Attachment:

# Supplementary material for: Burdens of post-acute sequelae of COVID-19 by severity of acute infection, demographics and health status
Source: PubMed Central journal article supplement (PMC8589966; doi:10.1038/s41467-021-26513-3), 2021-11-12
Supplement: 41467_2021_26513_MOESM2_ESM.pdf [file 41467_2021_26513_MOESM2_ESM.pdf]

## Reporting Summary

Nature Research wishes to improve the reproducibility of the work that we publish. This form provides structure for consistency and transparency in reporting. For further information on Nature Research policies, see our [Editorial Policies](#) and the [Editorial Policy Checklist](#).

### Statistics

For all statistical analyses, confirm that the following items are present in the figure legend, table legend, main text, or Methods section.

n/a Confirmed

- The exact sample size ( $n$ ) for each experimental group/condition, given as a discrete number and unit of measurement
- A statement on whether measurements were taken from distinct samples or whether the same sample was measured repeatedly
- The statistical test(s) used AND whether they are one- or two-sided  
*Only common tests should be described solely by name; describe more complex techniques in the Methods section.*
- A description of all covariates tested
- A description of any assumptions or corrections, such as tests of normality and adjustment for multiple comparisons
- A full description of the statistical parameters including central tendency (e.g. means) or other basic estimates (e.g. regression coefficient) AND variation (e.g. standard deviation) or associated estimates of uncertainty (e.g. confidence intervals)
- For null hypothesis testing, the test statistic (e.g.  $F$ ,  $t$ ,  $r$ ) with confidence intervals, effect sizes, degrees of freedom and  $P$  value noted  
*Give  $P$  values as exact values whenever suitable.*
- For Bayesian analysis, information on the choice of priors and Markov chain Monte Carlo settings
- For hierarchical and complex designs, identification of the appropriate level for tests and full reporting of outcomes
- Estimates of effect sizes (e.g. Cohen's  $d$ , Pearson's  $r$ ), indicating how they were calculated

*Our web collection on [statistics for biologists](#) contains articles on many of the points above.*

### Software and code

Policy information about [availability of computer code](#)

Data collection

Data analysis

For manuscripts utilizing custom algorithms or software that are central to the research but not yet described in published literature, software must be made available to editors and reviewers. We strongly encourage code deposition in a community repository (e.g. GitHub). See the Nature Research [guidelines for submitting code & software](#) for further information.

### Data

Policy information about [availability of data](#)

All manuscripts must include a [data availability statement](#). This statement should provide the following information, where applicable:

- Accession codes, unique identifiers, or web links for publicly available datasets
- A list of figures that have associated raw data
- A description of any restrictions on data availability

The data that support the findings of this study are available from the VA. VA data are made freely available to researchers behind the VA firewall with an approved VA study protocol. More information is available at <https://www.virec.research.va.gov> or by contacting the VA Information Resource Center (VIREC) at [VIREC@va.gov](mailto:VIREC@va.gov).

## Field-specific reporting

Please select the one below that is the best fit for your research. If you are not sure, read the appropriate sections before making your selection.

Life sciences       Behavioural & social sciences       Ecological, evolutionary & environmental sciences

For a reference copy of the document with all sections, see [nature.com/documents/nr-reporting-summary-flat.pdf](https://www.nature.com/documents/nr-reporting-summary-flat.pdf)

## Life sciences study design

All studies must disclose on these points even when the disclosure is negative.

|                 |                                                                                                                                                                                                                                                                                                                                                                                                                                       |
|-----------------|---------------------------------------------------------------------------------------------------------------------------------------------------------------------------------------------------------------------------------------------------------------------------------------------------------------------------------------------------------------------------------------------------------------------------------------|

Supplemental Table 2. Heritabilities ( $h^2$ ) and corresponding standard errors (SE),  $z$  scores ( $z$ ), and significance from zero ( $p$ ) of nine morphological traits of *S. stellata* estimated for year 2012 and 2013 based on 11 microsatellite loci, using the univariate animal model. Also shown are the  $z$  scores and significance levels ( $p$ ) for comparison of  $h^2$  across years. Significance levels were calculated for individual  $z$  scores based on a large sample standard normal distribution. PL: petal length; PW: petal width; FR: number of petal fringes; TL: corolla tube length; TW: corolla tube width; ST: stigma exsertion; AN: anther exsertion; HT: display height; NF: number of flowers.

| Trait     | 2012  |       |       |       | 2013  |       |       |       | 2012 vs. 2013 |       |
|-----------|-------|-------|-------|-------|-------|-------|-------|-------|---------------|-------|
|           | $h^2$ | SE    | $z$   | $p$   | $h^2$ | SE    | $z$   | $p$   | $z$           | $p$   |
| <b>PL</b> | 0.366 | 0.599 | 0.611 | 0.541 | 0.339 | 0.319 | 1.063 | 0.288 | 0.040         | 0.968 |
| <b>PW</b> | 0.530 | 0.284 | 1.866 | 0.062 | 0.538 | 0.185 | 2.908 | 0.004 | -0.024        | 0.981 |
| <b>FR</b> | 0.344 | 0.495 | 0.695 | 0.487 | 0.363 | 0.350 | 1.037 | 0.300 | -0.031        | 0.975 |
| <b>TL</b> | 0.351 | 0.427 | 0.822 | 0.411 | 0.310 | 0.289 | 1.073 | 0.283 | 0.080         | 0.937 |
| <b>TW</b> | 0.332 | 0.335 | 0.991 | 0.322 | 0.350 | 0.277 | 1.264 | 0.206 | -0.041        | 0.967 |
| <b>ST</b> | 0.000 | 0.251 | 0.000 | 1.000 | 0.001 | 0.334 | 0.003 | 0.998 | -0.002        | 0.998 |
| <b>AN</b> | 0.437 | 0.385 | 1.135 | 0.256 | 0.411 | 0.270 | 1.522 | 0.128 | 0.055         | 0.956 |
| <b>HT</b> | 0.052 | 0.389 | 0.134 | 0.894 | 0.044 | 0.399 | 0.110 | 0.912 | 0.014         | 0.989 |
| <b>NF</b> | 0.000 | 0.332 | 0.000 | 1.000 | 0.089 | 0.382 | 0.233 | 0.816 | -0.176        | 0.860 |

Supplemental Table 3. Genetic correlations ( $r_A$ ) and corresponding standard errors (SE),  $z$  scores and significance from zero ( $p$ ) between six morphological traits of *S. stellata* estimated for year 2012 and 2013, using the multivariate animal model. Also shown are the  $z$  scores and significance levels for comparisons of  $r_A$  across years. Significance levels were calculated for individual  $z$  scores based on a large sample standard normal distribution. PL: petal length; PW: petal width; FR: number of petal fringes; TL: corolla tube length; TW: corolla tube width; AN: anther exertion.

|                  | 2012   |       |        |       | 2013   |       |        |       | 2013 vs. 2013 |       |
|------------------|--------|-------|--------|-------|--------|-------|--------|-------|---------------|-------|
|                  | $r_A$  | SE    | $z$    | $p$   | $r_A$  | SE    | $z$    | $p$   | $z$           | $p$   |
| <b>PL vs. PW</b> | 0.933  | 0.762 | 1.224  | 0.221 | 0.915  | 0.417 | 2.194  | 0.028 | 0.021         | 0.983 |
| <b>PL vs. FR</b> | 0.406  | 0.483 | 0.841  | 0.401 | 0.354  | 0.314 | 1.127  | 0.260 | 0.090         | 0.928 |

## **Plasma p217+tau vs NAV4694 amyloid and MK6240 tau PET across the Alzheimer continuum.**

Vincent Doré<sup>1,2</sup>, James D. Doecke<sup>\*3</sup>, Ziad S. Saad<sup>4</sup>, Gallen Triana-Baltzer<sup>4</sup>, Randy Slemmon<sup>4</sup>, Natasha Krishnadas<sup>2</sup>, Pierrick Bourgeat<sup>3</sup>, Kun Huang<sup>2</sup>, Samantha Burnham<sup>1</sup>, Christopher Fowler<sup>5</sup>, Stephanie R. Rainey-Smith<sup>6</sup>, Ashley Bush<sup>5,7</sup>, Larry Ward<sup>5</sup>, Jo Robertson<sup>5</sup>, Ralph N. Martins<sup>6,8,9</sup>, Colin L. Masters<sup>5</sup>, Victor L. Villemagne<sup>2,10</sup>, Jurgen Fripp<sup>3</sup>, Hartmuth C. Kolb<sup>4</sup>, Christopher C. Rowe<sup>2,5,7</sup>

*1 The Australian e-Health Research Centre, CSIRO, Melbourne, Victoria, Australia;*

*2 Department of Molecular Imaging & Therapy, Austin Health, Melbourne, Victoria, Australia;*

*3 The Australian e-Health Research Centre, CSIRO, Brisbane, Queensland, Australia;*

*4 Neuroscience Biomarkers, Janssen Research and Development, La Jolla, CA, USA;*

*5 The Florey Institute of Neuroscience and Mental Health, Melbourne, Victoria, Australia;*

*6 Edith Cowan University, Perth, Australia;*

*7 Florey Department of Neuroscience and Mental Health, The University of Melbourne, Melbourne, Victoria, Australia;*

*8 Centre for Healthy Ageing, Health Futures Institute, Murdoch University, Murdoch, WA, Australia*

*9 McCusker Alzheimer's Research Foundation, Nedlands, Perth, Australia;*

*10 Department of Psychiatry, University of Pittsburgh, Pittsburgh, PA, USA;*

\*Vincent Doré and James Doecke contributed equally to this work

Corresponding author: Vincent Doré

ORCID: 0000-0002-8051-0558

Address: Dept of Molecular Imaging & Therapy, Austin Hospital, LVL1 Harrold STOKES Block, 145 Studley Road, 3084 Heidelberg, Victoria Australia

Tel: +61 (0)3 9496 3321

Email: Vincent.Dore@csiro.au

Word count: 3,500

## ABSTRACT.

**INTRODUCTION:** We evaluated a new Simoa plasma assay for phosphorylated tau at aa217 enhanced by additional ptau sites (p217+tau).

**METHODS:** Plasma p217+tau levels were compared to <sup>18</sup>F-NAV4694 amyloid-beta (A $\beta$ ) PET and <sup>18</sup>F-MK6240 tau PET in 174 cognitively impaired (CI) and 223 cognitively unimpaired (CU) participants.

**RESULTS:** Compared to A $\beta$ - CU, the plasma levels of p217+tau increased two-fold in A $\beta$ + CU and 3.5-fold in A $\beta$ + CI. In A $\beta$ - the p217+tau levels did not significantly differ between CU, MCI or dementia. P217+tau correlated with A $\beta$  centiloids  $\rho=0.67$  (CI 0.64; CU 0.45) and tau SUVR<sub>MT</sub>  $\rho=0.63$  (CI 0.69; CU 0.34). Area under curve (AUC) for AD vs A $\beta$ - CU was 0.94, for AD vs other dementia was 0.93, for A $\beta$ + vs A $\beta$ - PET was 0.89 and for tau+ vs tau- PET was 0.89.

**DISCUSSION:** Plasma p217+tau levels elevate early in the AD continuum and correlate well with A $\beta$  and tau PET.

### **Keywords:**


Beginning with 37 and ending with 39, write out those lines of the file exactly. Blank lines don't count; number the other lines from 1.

For a reference copy of the document with all sections, see [nature.com/documents/nr-reporting-summary-flat.pdf](https://www.nature.com/documents/nr-reporting-summary-flat.pdf)

## Life sciences study design

All studies must disclose on these points even when the disclosure is negative.